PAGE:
I just finished this book, Born of Betrayal, by a healer I go to named Lacey Hawk. I love this woman. I met Lacey because we brought my friend’s daughter there who had epilepsy. Lacey said she had a bad spirit on her. She said, ‘You might hear a lot of energy pops, don’t be afraid.’ We were like, “Okay we won’t be afraid.’ (Wink, wink.) We didn’t believe her. Thirty minutes later there were all these loud noises and since that day my friend’s daughter has been better. As it turns out, Lacey’s book isn’t about her healing–it’s a love story, but it’s sooo good.

YWhat is your style like now? What was it like when you were younger?

When I was younger I was very self consciously sophisticated. Now, I dress the way I feel. I’ll wear shorter skirts or cheetah print. My girlfriend and I go out and dressalike, that’s how bold we are. People say, ‘Do you two know you’re wearing the same dress?’ And we say, ‘Uh huh!’


YWhat inspires your style now?

I learn a lot from my daughter and I keep up with the trends myself. I read magazines for ideas. I’ll see they’re doing this kind of vest now and not this kind… Looking at them is not punishment anymore. I don’t look at them and say, ‘Ohmigod I used to be that thin.’

YWhat is the secret to being successful?

A lot of work.

Meet Nancy Lieberman

Location: Dallas, TX
Age: Over 50
Marital Status: Divorced
Education: Old Dominion University

This November, Nancy Lieberman will become the first female head coach to lead a NBA-affiliated team: the Texas Legends, of the NBA’s Developmental League. Really, it could not have been anyone else; after growing up in Queens in the sixties, Lieberman has always been at the forefront of women’s basketball. At eighteen, she was the youngest basketball player in Olympic history, helping the U.S. earn silver at the 1976 Games in Montreal. She’s a Hall of Famer, two-time Olympian, and was a three-time All-American at Old Dominion. She’s been a WNBA coach and general manager, and twice set the record for oldest player in the WNBA. She’s been a television broadcaster and president of the Women’s Sports Foundations. She’s a motivational speaker, and an author. She’s a mother, a chef, and she’s dogged about her skin care. Faboverfifty talked to her about basketball, gender roles, and what love means – among other things.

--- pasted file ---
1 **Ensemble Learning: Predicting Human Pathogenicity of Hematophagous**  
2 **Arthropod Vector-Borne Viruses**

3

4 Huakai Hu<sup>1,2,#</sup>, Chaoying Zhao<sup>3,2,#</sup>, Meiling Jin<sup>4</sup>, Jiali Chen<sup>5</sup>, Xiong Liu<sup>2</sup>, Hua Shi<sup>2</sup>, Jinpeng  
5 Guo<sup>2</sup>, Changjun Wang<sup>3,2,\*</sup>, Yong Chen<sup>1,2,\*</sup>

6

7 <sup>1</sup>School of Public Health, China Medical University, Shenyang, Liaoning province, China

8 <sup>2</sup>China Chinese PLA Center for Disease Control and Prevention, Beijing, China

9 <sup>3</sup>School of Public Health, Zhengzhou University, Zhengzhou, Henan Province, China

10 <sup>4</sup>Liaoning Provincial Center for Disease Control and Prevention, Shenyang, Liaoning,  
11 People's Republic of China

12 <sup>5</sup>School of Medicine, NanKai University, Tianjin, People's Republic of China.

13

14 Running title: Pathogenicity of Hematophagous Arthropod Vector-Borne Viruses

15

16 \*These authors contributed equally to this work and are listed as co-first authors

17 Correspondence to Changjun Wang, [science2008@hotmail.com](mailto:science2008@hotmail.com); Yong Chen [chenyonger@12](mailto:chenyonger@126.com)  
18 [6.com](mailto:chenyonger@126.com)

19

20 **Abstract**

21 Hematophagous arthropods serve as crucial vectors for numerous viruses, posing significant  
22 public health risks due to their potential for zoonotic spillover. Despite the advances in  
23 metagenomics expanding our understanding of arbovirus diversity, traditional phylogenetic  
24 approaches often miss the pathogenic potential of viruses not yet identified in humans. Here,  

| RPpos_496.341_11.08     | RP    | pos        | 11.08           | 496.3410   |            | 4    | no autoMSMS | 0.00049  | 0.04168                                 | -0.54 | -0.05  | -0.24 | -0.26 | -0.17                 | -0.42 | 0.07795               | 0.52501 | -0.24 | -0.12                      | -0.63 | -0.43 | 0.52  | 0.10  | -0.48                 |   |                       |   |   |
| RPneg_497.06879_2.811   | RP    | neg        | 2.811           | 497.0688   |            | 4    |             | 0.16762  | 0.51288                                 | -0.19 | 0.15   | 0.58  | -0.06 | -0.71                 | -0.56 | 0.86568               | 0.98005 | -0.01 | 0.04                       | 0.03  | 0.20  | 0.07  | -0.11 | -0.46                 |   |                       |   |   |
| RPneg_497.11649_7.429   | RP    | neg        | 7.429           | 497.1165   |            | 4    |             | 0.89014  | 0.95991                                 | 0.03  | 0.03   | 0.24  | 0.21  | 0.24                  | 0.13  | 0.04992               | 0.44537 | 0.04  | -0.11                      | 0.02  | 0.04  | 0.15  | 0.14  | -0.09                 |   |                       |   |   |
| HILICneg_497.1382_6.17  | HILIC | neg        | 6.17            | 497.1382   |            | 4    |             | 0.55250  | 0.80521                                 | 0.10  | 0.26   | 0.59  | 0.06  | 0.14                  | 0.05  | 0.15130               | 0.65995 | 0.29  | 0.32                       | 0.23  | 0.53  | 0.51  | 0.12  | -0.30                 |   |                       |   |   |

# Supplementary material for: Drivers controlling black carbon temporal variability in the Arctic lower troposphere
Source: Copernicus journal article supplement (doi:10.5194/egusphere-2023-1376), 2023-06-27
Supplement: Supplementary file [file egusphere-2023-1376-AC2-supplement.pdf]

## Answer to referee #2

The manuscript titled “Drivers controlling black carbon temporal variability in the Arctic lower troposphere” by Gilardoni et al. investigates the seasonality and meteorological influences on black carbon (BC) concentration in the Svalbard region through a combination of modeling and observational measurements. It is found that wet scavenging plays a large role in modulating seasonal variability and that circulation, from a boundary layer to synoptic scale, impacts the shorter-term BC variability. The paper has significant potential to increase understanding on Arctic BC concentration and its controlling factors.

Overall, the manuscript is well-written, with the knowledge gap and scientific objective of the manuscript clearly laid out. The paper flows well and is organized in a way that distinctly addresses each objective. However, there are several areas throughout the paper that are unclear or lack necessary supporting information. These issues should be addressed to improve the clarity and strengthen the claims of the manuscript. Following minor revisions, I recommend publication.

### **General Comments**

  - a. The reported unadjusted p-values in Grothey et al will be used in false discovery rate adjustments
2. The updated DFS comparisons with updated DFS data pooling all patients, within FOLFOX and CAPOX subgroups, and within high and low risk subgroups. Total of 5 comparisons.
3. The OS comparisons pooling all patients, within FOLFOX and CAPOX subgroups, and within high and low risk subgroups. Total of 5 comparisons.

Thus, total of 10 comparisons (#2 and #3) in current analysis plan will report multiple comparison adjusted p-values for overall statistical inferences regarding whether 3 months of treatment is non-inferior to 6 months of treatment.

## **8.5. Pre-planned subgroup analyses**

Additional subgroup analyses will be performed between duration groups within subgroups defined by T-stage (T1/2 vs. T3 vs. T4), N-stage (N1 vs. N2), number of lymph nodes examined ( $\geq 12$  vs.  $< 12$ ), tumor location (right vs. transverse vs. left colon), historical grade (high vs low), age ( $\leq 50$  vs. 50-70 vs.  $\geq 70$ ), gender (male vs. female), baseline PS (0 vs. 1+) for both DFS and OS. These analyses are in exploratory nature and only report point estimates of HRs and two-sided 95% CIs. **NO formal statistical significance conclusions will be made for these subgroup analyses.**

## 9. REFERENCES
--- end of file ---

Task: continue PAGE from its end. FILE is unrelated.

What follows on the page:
You’re one of the top female basketball players of all time, but growing up, you actually played more with boys.

Growing up in Far Rockaway, Queens, most of the kids in the schoolyard were boys and it was actually kind of cool, because it was a wonderful outlet for me. My parents were getting divorced, I was a poor kid from a one-parent family, and playing in schoolyards gave me a sense of self-worth and independence – I’ll never forget how the guys embraced me. They never judged me. They just looked at me as another ballplayer.

Your mother was less than encouraging.

My mother said, “Girls don’t play sports.” When I asked her why, she simply said, “Because they don’t.” I thought that was a pretty intellectual reason.

You were undeterred.

ImageThere was nothing like being in the schoolyard and the boys going, “We’ll take the girl.” That was almost like them saying, “I love you.” It was an incredible moment of self-esteem. It made me feel so good about what I was doing.

Do you feel you were before your time?

Before my time means we didn’t have a major consistent women’s league when I was in my prime. Would I have loved to compete with Diana Taurasi today, with me at 27, and her at 27, mono y mono? Absolutely. Those are the competitors we have in the game today. These young women care deeply about the game – when I look at them, I have to smile from side to side. I hope they make millions and millions playing this game and become wildly successful because I’ll be the first one cheering them on.

Do you have a passion project?